Thursday, May 31, 2012

Growing Carrots in Containers - A Tutorial

We have a limited amount of space in which to garden each year, and one of the simple innovations that allowed me to maximize the return on that space was planting carrots in pots.  Carrots like a nice light dirt, and are prone to being eaten by lots of nasties that live under sod.  You can visit my original carrots-in-containers post here if you'd like to know more, but this post will be a step-by-step photo guide to the entire process, from preparing a container to harvesting your carrot crop!

STEP 1:  Gather your supplies.  You'll need potting soil, carrot seeds, a large , deep bucket, a drill and anything you normally use for potting plants.  If you're using a planter, make sure it's deep enough for the type of carrots you hope to grow and semi-straight (you can also skip the next few steps since planters will already have drainage holes).

STEP 2:  Drill holes in your bucket around the bottom sides and all over the bottom .  Carrots  need drainage just like anything else planted in containers.    

Your bucket should look something like this when you are done.   

STEP 3:  Fill the container almost to the top with high-quality potting soil.  I leave about 3 to 4 inches of space at the top.  Do not pack down your dirt, as carrots like a nice loose soil, and make sure to break up any clumps.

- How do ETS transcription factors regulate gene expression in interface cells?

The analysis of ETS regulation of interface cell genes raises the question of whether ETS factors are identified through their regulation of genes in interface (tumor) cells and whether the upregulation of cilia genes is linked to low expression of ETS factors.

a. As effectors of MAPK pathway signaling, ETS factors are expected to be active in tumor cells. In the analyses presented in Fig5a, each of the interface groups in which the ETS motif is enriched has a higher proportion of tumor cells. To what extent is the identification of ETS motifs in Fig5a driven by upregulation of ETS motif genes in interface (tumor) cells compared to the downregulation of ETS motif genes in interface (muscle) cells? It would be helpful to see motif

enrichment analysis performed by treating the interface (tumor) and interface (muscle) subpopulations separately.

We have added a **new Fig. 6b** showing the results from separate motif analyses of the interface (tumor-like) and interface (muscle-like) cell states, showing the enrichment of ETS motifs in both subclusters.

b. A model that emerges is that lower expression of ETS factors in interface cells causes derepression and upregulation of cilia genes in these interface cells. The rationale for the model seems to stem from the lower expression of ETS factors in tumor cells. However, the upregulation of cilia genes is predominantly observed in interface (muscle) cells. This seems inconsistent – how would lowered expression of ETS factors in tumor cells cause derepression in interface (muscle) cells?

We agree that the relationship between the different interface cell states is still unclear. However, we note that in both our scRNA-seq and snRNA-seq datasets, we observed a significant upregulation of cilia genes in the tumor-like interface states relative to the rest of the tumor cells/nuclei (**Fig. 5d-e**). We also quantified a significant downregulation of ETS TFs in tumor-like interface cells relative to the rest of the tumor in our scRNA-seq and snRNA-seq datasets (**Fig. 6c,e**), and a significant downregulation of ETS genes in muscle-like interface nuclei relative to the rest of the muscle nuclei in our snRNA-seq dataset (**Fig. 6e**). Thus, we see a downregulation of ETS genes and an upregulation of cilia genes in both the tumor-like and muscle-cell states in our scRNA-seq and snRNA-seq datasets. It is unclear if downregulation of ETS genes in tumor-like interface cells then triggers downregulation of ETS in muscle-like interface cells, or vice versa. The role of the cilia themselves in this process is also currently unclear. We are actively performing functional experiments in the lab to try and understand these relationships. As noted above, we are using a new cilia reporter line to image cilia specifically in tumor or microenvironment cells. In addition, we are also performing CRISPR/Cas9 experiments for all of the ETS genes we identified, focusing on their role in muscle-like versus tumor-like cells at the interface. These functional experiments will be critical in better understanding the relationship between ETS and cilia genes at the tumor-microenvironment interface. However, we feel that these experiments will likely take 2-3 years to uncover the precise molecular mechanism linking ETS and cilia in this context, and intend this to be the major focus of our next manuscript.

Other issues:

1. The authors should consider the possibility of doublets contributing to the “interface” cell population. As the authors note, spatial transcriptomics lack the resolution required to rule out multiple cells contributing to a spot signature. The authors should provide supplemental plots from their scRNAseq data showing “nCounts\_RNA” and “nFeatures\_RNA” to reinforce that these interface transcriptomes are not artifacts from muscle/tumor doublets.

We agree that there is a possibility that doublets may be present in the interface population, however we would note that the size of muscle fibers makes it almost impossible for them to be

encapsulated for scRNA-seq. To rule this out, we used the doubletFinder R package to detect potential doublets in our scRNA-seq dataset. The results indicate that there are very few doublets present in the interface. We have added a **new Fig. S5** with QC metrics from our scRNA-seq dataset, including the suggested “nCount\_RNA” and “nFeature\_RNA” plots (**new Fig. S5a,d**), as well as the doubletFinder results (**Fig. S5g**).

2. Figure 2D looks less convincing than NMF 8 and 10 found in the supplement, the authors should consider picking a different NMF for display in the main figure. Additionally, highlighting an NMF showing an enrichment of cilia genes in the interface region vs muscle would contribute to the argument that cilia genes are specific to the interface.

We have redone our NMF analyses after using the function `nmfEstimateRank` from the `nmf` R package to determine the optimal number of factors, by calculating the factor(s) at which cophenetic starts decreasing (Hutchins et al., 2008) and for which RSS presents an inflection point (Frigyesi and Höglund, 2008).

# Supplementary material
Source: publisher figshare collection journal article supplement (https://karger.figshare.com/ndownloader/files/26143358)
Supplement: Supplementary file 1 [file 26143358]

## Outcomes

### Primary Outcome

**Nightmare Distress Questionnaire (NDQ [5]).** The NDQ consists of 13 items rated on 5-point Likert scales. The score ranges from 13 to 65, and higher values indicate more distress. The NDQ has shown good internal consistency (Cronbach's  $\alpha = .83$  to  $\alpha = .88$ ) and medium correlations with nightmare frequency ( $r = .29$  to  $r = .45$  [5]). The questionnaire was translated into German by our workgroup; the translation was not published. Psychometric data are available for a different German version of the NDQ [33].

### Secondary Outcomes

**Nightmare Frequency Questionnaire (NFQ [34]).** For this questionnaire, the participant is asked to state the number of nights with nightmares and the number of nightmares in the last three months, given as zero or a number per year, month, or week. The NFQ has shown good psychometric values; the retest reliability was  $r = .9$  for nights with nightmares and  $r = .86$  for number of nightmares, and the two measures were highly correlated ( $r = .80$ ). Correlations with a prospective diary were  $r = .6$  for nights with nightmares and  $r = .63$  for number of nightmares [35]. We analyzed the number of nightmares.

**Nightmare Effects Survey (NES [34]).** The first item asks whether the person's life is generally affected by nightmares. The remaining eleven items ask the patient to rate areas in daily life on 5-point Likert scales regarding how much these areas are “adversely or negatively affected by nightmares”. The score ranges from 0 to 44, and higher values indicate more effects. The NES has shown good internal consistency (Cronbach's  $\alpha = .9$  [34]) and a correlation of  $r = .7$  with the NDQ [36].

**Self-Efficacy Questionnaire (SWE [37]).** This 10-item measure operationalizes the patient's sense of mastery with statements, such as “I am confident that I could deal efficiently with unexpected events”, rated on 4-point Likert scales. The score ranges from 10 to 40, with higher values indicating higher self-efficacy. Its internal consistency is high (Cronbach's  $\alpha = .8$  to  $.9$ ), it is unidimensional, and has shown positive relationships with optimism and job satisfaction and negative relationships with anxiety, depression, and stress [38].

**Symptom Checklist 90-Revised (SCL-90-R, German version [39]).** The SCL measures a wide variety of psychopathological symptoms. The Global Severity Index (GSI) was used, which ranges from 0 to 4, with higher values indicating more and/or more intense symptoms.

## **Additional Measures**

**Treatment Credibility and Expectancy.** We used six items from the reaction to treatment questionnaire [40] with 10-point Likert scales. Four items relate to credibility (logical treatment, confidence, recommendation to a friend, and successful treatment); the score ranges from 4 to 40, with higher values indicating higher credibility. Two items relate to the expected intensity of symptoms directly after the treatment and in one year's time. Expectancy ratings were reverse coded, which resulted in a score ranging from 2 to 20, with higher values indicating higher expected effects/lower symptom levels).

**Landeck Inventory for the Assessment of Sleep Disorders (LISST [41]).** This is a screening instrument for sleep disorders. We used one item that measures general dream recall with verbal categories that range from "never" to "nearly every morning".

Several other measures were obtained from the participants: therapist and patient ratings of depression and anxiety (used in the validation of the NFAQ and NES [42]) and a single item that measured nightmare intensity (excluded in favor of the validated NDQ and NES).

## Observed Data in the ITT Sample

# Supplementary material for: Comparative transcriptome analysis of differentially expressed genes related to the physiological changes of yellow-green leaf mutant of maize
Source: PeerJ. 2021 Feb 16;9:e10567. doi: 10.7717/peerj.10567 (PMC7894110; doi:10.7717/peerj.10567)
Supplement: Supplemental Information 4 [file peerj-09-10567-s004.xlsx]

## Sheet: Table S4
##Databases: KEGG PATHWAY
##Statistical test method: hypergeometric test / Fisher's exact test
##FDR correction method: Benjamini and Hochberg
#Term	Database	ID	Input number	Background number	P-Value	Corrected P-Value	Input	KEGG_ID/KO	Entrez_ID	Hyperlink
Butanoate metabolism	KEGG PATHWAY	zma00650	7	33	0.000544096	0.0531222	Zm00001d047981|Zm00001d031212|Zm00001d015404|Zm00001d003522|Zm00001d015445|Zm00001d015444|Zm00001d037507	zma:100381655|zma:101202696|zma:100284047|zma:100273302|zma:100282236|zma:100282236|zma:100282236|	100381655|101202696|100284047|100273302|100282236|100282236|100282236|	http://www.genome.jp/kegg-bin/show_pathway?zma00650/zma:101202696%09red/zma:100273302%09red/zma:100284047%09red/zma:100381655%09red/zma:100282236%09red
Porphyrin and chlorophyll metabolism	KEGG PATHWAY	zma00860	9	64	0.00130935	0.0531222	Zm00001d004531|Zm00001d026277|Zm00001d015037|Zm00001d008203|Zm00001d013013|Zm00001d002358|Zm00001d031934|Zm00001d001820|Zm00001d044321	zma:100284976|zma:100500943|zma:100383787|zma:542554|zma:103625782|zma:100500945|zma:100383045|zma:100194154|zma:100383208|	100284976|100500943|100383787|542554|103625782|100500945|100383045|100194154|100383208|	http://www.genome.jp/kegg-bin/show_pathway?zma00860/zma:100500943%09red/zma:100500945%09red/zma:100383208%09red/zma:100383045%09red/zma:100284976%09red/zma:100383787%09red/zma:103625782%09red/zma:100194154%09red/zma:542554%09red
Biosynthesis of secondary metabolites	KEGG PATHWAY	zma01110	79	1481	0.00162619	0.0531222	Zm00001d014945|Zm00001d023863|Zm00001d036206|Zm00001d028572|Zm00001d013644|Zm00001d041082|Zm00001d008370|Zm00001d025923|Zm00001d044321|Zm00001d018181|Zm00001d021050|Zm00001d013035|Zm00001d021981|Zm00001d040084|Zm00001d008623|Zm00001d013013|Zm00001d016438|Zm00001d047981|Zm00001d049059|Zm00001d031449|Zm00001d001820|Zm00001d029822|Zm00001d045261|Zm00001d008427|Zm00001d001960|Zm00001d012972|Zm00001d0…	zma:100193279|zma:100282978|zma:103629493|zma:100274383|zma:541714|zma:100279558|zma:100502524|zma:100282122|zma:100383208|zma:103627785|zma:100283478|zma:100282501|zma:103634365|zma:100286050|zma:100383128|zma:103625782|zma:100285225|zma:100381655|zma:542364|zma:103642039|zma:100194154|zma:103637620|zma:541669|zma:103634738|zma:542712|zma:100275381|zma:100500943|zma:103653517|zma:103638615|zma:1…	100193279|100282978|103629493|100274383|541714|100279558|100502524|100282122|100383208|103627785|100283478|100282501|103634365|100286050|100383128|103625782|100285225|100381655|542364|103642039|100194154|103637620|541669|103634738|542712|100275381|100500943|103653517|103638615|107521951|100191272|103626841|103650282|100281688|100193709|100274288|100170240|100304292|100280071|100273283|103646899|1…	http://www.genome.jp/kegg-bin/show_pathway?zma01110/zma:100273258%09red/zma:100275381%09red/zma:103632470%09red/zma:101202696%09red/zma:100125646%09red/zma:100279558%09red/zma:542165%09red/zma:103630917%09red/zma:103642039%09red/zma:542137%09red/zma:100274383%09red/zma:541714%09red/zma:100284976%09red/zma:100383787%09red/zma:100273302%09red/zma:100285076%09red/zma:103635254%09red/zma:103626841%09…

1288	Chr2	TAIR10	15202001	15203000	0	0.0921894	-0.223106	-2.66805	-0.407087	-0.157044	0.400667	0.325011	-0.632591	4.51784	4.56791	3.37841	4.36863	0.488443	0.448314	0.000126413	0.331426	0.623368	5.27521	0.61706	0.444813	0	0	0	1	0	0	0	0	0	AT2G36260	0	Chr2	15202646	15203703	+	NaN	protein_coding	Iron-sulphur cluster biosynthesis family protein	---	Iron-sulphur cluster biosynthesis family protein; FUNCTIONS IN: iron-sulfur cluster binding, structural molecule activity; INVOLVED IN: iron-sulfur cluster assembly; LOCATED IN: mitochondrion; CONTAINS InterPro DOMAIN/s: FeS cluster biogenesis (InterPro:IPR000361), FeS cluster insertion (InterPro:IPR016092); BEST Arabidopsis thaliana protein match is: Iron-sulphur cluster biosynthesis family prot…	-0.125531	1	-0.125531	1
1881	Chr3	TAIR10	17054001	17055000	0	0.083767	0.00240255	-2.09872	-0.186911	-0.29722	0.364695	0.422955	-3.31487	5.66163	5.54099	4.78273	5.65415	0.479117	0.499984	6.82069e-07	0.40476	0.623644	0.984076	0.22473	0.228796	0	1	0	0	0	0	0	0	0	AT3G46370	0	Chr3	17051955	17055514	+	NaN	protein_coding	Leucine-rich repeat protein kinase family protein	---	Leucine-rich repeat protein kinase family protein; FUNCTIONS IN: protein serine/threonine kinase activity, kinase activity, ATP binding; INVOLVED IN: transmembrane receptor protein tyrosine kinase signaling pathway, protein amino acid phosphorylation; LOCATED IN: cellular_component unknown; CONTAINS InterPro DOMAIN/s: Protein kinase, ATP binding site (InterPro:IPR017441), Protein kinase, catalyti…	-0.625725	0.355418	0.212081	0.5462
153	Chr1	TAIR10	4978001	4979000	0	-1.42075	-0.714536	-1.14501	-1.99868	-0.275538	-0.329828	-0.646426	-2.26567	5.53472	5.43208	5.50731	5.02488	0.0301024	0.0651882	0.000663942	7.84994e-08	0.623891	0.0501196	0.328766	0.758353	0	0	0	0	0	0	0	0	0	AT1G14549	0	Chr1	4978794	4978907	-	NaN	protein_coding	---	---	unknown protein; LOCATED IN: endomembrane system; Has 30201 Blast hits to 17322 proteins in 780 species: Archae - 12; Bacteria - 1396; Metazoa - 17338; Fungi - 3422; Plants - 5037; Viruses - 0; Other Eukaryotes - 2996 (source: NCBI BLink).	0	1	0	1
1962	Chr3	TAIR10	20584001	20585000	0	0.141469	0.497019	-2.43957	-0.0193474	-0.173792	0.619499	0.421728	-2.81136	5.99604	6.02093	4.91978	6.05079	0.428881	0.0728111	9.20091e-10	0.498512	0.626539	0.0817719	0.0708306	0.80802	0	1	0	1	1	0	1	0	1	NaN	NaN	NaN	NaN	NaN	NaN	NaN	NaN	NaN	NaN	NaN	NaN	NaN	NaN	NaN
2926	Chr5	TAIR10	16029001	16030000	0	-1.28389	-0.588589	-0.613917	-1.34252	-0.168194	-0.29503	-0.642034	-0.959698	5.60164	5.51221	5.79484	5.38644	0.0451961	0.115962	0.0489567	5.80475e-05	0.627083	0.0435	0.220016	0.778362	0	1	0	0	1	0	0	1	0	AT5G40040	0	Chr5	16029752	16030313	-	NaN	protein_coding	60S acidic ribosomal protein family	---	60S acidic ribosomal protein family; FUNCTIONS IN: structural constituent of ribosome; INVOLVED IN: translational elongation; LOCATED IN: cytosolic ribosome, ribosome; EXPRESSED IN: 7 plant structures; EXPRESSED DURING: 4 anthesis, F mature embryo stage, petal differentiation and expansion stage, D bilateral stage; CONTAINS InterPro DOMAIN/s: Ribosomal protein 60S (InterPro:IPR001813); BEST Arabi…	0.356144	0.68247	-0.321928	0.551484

STEP 4:  Lightly and casually sprinkle about half of a packet of carrot seed on top of the potting soil.  Try to  make sure there are some seeds all over the top of the dirt and don't worry if it seems like there are too many.  Carrot seeds need to be planted with a very small amount of soil on top, so you can either take your finger tips and sort of mess up all the seeds and the dirt at the surface, then lightly pat down, OR you can take a cup of dirt and lightly sprinkle about a 1/4 inch layer over the carrot seeds before lightly patting down.  It's up to you!  Don't over think this part, it's hard to screw up.

STEP 5:  Take a small piece of garden fabric (I use burlap) and press it down onto the newly planted carrot container.  This protects your seeds from birds AND from being moved around too much by the water spray, while also helping them keep moist.  You can skip this step if you want, but I have had much better germination using some kind of cover.  Water your container thoroughly with a gentle spray.  Remember, carrot seeds are TINY.

STEP 6:  Check under your cover everyday, and remove it permanently at the first sign of baby carrots germinating.  

Your carrot container will look something like this after a couple of weeks.  If the carrots aren't distributed very evenly, just make sure to try and sprinkle the carrot seeds more evenly next time.  

STEP 7:  Try to thin your carrots when they are a few inches tall.  I pull mine entirely out, but you can also pinch them off if you find that this disturbs the soil too much.   Try to leave enough space around each carrot to allow it to grow to the thickness of the variety you planted.